2017, NR, 111 min. Directed by Thomas Vinterberg. Starring Trine Dyrholm, Ulrich Thomsen, Helene Reingaard Neumann, Martha Sofie Wallstrøm Hansen, Lars Ranthe, Fares Fares, Julie Agnete Vang, Magnus Millang, Anne Gry Henningsen, Sebastian Grønnegaard Milbrat.
REVIEWED By Marjorie Baumgarten, Fri., May 26, 2017
The naivete of theoretical ideas is often exposed when they’re put into actual practice. Theory may not accommodate the vagaries of human emotions and the consequences of unplanned events. What looks good on paper doesn’t always pan out when reality comes to call. These are some of the ideas explored in Thomas Vinterberg’s film The Commune, an ensemble piece from Denmark set amid the freewheeling social milieu of mid-Seventies Copenhagen.
Vinterberg, the award-winning director of the piercing drama The Celebration, the first feature made under the Dogme 95 Manifesto, explains in his new film’s press notes that between the ages of 7-19 he lived in a commune. Presumably, The Commune carries personal resonance for the filmmaker, who co-wrote the screenplay with his co-writer of The Hunt, Tobias Lindholm (A Hijacking). Vinterberg describes his years as a child living in a household of so many interesting and eccentric adults as “a time filled with golden memories and absurd moments.” Not unsurprisingly, The Commune doesn’t stint on the perspectives of the household’s two minor residents: 14-year-old Freja (Hansen, whose debut film announces a riveting new screen presence) and 6-year-old Vilads (Milbrat), who suffers from a heart condition.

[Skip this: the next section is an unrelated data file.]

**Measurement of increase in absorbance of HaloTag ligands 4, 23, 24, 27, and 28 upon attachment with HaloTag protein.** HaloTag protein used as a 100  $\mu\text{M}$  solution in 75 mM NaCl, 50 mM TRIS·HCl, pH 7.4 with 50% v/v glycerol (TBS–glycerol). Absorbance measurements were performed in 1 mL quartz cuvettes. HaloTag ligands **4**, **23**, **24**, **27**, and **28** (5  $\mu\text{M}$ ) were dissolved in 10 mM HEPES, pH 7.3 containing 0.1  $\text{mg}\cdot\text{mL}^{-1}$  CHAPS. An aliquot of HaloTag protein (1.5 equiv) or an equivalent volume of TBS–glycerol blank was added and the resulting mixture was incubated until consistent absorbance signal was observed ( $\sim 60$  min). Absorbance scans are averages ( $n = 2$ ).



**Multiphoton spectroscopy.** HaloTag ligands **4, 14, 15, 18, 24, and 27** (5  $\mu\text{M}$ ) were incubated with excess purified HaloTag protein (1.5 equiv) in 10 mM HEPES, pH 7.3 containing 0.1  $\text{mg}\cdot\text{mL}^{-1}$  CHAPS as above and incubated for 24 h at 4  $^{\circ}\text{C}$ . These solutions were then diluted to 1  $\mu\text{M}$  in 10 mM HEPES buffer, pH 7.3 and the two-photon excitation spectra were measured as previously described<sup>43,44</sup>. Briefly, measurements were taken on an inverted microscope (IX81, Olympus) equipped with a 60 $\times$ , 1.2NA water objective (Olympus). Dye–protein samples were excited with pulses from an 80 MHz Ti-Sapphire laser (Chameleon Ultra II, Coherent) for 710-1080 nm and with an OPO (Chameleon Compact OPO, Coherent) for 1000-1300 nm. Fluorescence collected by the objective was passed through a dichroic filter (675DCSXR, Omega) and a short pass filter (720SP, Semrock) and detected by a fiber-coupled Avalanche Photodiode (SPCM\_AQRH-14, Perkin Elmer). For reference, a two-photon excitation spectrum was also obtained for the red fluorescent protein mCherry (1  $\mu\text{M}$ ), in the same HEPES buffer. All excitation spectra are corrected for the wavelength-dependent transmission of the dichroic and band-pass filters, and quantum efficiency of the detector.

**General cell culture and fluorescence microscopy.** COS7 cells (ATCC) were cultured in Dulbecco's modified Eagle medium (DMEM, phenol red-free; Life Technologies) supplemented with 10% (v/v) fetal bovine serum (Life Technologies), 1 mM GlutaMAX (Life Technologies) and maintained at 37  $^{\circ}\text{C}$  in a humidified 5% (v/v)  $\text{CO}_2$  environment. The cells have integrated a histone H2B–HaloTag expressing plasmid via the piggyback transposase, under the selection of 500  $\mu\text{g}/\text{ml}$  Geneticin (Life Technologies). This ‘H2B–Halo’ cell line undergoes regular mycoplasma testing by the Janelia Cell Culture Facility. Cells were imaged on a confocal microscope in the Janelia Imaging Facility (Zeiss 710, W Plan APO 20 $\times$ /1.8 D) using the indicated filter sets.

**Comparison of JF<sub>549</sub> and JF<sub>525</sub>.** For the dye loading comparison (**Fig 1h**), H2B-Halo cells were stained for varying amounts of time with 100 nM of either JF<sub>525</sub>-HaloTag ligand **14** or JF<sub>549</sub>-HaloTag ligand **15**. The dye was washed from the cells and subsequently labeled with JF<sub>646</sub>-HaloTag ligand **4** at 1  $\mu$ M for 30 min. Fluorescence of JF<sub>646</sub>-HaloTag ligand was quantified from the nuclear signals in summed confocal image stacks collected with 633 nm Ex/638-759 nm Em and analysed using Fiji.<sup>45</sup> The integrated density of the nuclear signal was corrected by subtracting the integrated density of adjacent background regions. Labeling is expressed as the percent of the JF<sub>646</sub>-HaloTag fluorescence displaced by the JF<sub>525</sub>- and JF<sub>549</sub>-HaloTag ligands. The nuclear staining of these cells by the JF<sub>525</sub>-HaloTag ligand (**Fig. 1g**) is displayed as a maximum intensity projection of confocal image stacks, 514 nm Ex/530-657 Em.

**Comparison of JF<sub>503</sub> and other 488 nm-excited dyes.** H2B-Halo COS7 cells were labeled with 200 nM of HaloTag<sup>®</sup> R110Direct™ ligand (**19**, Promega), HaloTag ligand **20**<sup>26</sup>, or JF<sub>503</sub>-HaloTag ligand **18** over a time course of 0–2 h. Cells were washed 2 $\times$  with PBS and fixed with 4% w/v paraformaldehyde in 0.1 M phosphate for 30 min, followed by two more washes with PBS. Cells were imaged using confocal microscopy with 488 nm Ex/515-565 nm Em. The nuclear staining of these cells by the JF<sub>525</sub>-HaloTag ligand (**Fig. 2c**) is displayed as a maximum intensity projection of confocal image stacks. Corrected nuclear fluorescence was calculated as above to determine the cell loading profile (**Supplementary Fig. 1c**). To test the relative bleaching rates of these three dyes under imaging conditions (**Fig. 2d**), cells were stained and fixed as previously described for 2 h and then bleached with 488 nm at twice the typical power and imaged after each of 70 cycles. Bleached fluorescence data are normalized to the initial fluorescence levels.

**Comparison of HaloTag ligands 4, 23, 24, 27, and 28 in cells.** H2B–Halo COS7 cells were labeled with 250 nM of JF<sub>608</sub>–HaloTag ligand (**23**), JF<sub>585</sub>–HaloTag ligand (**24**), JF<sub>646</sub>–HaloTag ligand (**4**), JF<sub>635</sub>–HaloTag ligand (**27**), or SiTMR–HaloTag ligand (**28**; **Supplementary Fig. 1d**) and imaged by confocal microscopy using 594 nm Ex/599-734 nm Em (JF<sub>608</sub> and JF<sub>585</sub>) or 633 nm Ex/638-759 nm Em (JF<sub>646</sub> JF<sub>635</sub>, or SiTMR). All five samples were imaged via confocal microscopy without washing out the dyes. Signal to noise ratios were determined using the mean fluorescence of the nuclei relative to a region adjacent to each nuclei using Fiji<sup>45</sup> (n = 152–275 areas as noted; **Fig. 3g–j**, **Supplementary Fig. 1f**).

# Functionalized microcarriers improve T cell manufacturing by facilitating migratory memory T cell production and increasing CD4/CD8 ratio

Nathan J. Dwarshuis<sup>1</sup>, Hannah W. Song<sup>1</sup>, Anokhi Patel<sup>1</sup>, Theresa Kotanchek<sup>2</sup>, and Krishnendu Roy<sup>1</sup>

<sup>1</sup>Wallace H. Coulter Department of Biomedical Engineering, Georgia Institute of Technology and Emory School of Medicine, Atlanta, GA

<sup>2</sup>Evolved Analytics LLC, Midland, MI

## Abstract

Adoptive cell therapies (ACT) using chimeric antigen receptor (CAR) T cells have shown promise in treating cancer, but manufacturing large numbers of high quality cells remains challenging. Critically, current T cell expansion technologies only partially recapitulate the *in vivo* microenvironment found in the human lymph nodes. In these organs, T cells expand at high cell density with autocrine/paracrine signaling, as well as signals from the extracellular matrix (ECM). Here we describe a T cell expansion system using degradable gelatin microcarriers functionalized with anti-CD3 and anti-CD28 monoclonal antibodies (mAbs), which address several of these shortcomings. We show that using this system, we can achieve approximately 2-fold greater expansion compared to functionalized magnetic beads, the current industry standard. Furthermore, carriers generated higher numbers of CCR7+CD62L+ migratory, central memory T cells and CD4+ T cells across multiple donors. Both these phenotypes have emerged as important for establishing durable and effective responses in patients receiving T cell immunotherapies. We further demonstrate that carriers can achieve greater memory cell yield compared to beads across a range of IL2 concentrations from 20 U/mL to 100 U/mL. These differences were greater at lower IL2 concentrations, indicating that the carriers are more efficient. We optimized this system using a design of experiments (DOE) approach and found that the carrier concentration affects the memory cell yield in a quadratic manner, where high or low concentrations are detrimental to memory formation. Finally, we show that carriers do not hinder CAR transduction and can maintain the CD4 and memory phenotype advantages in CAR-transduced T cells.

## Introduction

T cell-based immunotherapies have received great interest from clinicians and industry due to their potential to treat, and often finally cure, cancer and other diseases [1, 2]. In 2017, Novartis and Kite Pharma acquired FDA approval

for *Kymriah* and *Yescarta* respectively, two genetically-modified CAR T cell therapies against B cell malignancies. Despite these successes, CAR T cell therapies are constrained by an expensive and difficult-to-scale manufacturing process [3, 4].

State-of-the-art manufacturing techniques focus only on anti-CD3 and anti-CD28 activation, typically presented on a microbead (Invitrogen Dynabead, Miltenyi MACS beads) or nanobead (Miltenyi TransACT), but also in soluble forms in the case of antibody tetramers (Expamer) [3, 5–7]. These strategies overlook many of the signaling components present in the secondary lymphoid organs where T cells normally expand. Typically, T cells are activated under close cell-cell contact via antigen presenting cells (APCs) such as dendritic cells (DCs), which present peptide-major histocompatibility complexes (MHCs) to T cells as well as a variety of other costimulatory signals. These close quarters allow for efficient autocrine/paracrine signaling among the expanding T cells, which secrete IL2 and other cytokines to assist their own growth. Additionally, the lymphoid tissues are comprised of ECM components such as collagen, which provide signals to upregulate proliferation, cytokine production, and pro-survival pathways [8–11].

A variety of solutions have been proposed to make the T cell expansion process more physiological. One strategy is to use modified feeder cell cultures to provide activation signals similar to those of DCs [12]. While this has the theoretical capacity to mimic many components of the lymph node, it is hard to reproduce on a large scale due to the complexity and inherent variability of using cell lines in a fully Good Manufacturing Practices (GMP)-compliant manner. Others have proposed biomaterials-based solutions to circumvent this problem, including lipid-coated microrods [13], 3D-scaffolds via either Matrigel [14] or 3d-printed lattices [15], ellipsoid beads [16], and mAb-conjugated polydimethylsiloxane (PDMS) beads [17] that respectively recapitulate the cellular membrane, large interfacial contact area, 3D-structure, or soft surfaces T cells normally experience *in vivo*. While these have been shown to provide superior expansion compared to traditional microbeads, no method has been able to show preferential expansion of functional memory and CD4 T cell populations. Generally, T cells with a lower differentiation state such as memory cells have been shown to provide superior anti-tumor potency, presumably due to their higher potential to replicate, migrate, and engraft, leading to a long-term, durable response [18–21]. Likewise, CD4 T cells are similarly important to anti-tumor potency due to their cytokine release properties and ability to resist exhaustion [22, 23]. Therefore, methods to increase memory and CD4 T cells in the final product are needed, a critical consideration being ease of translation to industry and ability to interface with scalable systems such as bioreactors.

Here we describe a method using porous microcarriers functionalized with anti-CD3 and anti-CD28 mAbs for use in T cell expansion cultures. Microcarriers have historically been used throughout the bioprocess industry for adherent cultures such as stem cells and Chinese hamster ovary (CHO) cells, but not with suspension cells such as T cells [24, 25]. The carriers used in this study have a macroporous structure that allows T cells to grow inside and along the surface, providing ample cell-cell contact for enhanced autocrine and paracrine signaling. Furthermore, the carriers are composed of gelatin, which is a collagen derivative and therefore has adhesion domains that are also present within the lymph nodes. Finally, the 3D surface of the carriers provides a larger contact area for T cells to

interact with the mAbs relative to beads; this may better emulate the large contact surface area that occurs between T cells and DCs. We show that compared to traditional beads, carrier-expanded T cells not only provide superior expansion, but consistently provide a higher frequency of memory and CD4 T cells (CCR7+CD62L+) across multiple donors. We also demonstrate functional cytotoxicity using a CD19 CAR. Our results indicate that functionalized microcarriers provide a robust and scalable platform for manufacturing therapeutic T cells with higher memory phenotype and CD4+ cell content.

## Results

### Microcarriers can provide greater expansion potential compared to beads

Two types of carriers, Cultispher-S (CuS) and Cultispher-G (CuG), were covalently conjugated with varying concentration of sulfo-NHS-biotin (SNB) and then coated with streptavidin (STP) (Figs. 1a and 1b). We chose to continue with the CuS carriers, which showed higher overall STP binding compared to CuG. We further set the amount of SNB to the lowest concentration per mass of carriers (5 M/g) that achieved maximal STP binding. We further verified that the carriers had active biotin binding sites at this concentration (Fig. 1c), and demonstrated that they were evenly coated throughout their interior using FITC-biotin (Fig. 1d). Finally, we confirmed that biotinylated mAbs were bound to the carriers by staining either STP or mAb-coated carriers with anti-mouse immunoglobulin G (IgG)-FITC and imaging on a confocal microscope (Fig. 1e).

As the movie opens, Erik (Thomsen) and his wife Anna (Dyrholm), parents of Freja, inherit the old family house where Erik grew up. An architecture professor, Erik wants to sell the house, believing it too big for nuclear-family life and too expensive to maintain. Anna, a TV news anchor, wants to open the house as a commune, freely telling Erik, whom she loves, that she would also like to converse with more people and share more experiences. “A fantastic house should be filled with fantastic people,” she declares, as she convinces Erik of the wisdom of the social experiment. They invite numerous friends to move in – the interview sessions and regular house meetings offer Vinterberg much opportunity to unleash his fastidiously observant camera eye. All goes swimmingly (quite literally, if you count the celebratory skinny dipping scene), until Emma (Neumann), a comely student of Erik’s, penetrates his aloofness. Honesty being highly valued at the commune, Erik shares the information of his new love with his wife, whereupon Anna surprises him by inviting Emma to move in. Soon the drama shifts to focus more on the travails of this ménage à trois than on the ups and downs of the commune. The group becomes more spectator than Greek chorus, and the film loses much of its focus.
Nevertheless, Trine Dyrholm delivers a powerful performance as Anna, a woman whose heart won’t align with her head, as does Ulrich Thomsen as the testy Erik. Both have been frequent collaborators of Vinterberg’s, as have been many of the diverse and eccentric actors playing members of the commune. Although there is much to satisfy viewers, it must be said that The Commune does not equal the standard for rapier acuity that Vinterberg set for himself in The Celebration. Still, this film won’t give you too much else to fuss about when it’s your turn to speak at the house meeting.
Kimberley Jones, May 8, 2015
Marjorie Baumgarten, July 26, 2013
Jan. 18, 2019
Dec. 28, 2018
The Commune, Thomas Vinterberg, Trine Dyrholm, Ulrich Thomsen, Helene Reingaard Neumann, Martha Sofie Wallstrøm Hansen, Lars Ranthe, Fares Fares, Julie Agnete Vang, Magnus Millang, Anne Gry Henningsen, Sebastian Grønnegaard Milbrat